Beginning in the 1920s and 1930s, political liberals gradually shifted towards supporting strong judicial intervention to protect noneconomic rights, even as they repudiated similar protection for economic freedoms and property rights. But, ironically, the original Progressive defense of judicial nonintervention was taken up by post-New Deal conservatives, including such notable legal theorists as Judge Robert H. Bork.
Root explains how the persistence of this tradition of “judicial restraint” on the conservative right has led to clashes between conservatives and libertarians in recent years. Even in some cases where the two groups agree on the outcome, there are important divergences over preferred rationales. For example, libertarians and conservatives worked together to expand judicial protection for Second Amendment rights in District of Columbia v. Heller (2008) and McDonald v. City of Chicago (2010). But, in the latter case, many conservatives opposed the libertarians’ efforts to revive judicial enforcement of the Privileges or Immunities Clause of the Fourteenth Amendment, fearing that this step would open the door to a new wave of “judicial activism.”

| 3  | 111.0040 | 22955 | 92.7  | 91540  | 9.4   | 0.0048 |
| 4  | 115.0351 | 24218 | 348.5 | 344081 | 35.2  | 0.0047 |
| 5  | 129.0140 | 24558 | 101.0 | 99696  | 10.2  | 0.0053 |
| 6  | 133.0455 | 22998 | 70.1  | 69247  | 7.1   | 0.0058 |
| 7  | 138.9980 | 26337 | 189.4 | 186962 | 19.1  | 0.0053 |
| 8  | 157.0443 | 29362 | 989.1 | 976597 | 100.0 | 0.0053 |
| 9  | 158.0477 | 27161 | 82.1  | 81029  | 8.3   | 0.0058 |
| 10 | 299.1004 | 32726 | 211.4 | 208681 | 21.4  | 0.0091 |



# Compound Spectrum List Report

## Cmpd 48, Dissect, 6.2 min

Root’s book is probably the most thorough account of the libertarian-conservative debate over judicial review so far. The clash between the two may rise in importance, as libertarianism becomes a more important part of the political landscape. Younger Republicans are, on average, significantly more libertarian than their elders. The same is likely true of younger right of center elite lawyers and legal scholars. At the same time, it is unlikely that social conservatives will give up without a fight. Even as they fight over their differences, the two groups will also have to find some way to continue cooperating on the issues that unite them, especially since the legal left remains powerful and influential.